While the flavor of the set tells this story well, and that is the job of the creative team, the design of the set also aims to tell this story through the mechanics of the set. We’ve seen that each clan will have alternate-timeline mechanics. Khans of Tarkir showed us one timeline and Dragons of Tarkir will show us another. The clans in the past have one of those two mechanics.

But, design had one more trick up their sleeve: a mechanic that instead of just having alternate timeline versions would also have a prototype version that (perhaps only) existed in the past. That mechanic is Manifest and it is the proto-version of Morph.

Manifest appears on only 17 of the remaining 78 cards in the set. It accounts for roughly 9.2% of the entire set. The design of manifest is to show a version of morph that is fueled by the power of the dragons. Morph, fueled by the magic of the surviving clans, was a shadow of what manifest once was. It will be very interesting to see what this mechanic looks like in Dragons of Tarkir. There isn’t a ton of design space for face-down creatures, but there’s certainly enough for another face-down creature mechanic to show up in DTK.

Everything Else

A total of 67% of the set, or two-thirds, is devoted to the design of the conflict between ally-colored clans and ally-colored dragon broods and the design of the time-traveling morph mechanic. So what’s left for the remaining 61 cards? Well we can scratch off 10 basic lands and we have 51 cards that are all over the place. The most interesting is the planeswalker Ugin and among the least interesting are some vanilla common creatures spread out across the colors.

For a set meant to be drafted alongside two independent sets, there is not a lot of utility in Fate Reforged. I get the impression that the bulk of the core limited staple effects, such as removal and burn, appeared in Khans of Tarkir and will appear in alternate form in Dragons of Tarkir. Since only one pack of Fate Reforged will come with two packs of the larger sets, it doesn’t make sense to design the utility spells into the middle set.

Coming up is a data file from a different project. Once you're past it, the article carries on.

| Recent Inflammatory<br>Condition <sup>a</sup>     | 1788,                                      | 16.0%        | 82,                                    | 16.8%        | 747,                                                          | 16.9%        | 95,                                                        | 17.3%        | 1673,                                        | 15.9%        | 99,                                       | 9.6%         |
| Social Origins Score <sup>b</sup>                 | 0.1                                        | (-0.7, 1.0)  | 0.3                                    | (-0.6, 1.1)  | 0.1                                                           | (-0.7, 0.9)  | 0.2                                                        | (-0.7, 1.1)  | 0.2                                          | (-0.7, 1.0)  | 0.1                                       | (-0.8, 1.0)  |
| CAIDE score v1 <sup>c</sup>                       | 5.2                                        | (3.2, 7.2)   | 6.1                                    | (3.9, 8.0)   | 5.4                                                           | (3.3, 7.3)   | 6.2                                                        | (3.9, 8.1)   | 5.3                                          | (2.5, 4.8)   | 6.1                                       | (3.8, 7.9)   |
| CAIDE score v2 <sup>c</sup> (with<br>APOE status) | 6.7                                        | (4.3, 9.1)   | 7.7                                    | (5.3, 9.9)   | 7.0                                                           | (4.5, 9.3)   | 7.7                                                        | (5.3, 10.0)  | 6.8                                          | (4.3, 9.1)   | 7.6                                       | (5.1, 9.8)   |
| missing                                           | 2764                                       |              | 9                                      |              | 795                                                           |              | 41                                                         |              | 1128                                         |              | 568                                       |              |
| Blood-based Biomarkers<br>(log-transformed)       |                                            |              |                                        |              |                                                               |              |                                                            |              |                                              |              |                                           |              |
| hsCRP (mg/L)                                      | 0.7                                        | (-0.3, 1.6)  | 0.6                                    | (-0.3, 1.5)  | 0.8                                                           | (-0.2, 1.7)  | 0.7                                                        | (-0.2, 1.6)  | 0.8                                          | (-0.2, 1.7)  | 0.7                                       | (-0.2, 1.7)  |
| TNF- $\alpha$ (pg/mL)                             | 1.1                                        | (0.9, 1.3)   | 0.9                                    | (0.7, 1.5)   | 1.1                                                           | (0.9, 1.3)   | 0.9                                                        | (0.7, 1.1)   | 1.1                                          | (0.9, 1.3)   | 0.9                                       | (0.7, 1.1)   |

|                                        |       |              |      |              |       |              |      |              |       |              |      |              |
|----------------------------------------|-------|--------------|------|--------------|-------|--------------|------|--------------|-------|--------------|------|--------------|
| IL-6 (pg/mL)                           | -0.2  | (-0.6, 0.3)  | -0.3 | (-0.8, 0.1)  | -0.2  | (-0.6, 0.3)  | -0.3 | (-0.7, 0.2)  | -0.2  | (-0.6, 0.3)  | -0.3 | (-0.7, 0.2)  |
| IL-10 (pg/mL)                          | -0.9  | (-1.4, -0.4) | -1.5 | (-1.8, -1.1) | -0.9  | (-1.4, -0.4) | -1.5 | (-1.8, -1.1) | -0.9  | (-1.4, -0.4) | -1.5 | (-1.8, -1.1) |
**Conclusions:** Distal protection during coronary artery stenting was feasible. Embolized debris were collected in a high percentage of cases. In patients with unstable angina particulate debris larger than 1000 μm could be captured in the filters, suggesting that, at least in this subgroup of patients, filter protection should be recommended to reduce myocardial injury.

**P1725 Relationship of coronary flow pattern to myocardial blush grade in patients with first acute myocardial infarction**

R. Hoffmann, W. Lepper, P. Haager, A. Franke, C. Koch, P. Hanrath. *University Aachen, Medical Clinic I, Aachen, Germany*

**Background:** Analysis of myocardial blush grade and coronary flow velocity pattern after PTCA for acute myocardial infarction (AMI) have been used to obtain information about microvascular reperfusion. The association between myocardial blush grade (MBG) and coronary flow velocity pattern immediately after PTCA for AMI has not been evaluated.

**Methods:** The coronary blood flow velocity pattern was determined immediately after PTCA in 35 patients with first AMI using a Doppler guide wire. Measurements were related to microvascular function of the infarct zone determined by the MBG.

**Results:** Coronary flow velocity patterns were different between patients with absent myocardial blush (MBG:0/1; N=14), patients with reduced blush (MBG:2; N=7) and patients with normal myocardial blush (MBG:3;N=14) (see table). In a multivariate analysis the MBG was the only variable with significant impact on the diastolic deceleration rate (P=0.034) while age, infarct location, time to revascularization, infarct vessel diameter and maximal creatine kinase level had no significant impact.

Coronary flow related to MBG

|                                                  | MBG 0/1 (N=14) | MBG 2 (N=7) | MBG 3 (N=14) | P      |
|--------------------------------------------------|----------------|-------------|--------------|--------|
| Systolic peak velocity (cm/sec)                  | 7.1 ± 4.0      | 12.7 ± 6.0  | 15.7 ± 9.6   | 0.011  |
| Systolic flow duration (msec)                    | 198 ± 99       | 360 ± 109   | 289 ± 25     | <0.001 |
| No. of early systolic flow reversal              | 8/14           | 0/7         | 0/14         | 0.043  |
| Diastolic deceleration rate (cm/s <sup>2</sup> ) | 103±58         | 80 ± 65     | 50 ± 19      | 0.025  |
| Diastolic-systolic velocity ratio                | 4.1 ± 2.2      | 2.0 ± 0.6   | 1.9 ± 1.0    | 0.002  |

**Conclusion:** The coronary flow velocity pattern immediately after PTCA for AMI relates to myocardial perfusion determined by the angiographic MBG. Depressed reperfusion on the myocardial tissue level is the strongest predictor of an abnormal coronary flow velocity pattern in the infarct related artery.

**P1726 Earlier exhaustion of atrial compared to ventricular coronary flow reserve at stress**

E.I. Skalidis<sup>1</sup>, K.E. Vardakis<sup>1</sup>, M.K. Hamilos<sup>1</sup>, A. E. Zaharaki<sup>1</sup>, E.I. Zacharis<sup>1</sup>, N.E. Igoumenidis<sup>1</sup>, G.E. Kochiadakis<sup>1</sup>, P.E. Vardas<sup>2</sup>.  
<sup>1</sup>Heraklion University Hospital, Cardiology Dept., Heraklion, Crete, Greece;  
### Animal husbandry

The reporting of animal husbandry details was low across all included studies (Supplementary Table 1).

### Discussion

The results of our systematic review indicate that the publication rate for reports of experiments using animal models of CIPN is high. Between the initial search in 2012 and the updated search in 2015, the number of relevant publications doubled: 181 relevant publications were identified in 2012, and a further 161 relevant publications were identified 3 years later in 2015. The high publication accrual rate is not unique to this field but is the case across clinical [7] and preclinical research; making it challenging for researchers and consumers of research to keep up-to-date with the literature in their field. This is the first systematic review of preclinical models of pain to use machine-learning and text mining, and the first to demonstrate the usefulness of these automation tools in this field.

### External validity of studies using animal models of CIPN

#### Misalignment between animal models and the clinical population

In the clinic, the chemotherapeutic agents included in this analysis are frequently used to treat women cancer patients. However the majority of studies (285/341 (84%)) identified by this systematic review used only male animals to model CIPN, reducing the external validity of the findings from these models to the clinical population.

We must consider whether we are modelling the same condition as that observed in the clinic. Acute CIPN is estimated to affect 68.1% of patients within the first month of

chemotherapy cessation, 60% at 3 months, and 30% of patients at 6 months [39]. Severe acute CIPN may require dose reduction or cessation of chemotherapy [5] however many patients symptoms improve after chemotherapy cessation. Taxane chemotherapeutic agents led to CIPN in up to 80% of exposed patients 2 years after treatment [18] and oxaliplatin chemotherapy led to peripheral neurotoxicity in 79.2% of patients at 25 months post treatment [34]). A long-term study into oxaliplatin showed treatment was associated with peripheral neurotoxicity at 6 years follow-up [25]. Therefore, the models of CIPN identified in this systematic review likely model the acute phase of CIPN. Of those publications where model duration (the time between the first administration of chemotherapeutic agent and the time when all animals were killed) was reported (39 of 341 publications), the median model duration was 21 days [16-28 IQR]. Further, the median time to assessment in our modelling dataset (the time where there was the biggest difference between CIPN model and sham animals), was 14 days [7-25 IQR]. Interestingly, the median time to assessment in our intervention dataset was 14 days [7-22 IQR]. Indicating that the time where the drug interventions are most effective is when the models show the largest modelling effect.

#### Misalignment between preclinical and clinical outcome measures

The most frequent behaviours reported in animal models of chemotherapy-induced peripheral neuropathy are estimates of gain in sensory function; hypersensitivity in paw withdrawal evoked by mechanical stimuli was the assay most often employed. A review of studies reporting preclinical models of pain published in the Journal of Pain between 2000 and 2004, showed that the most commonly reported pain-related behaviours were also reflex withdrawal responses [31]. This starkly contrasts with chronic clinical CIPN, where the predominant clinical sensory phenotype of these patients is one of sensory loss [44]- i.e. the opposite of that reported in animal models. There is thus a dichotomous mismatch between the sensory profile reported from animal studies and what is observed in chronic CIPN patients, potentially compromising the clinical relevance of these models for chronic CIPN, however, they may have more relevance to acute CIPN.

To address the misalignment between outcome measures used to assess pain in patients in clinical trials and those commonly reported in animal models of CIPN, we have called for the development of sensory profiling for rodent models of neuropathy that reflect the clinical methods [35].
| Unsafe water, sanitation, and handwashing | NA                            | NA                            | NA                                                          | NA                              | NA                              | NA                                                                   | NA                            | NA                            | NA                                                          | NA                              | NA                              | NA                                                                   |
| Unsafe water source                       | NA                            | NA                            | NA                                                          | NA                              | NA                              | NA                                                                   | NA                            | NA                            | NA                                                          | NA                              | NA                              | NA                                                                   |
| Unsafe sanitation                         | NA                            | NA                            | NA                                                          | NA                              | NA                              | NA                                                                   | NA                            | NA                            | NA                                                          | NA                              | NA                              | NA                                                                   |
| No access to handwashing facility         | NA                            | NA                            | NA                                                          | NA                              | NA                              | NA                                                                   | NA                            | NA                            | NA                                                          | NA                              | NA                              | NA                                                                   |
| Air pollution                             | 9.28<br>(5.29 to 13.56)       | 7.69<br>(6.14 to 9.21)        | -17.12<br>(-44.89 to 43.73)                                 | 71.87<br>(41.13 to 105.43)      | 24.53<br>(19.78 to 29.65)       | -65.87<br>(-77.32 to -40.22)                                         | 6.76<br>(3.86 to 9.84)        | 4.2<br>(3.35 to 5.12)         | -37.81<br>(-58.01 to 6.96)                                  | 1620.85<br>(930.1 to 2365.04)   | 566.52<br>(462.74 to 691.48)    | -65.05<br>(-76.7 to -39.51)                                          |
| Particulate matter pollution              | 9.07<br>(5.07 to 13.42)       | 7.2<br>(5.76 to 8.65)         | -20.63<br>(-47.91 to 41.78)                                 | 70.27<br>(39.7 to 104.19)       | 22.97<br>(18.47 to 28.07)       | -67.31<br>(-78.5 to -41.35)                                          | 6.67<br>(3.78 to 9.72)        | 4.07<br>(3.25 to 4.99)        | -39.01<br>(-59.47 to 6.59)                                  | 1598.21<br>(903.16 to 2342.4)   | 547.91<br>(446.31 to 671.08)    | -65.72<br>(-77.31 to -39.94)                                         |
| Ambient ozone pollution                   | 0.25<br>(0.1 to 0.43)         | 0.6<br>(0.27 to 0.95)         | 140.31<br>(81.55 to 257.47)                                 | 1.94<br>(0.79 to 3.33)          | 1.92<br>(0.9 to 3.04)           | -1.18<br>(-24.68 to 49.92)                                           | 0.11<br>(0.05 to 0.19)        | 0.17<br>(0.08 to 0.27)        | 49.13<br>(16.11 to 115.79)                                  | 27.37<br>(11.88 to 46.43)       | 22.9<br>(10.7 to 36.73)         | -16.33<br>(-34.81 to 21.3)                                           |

This left the designers some interesting space to play with to help facilitate the conflicts of Tarkir’s clans and broods. Many of the remaining cards are combat focused including tricks like Sandblast and Refocus. Some of them are other cool ways to design time travel into the game mechanically, like Renowned Weaponsmith.


There appear to have been two core design goals for Fate Reforged

  • Design cards around the conflicts of ally-colored clans and broods
  • Design cards mechanically related to time travel

It should be obvious why the conflict cards take up well over half the set while time travel only accounts for about 10%. Magic is a game about conflict. Still, it is very interesting to see some of the time travel designs and how elegant they capture the idea of a mutable point in time and the two alternate timelines that stem from it.

Khans of Tarkir and Fate Reforged seem to form a very interesting puzzle. Pieces of the flavor and the mechanics begin to fall together in obvious patterns. Sometimes these might be too obvious, but there is still a valuable “aha” moment when you recognize something designed in KTK and how it links to something designed in FRF.

Of course, the final payoff will come when we complete the puzzle in a few months with Dragon’s of Tarkir. But, for now at least, I’m content to see how Fate Reforged unfolds.

The Quick Hits

  • Frank Lepore shares the tale of his journey to the pacific northwest with Melissa DeTora and friend Mike on their way to their new lives in Seattle [TCGPlayer]
  • Danny Brown wants to see customized cube drafting on MTGO which assumes that anything happy can happen on MTGO [Quiet Speculation]
  • Owen Turtenwald walks through four mistakes he made at GP Denver in great detail [Channel Fireball]
  • A.E. Marling brings you an alternative review of Fate Reforged covering the flavor of the set [Gathering Magic]
  • Paulo Vitor Damo da Rosa talks about the life of a professional Magic player [Channel Fireball]
  • Mike Linnemann reviews the art of Fate Reforged and asks the all-important question of whether or not the art for Pyrotechnics features a gun [Gathering Magic]
  • Jason Alt has the latest news on the saga of buylist company White Lion [Quiet Speculation]
  • Matt Sperling is on a quest to achieve Platinum Pro status and he’s blogging about the journey [Sperling Grove]
  • Last but not least, April King moderated a panel of Magic artists at Grand Prix Omaha and has the audio and transcription for us [Gathering Magic]

Wallpaper of the Week

Shu Yun, the Silent Tempest is the Khan of the Jeskai in the time of Fate Reforged. You can see that he has the same mark on his head as Narset, the Khan of the Jeskai in the time of Khans of Tarkir. The ghostfire scar on his exposed shoulder is a nice touch as well. The coloring is very blue which I suspect is appropriate given that the Jeskai are centered in blue on the color pie. I would have liked a little more color overall, but it’s not too bad. Shu Yun is off-centered which is good for a desktop.

Grade: B+

What We Learned is a weekly feature here at Hipsters of the Coast written by former amateur Magic Player Rich Stein, who came really close to making day two of a Grand Prix on several occasions. Each week we will take a look at the past seven days of major events, big news items, and community happenings so that you can keep up-to-date on all the latest and greatest Magic: the Gathering community news.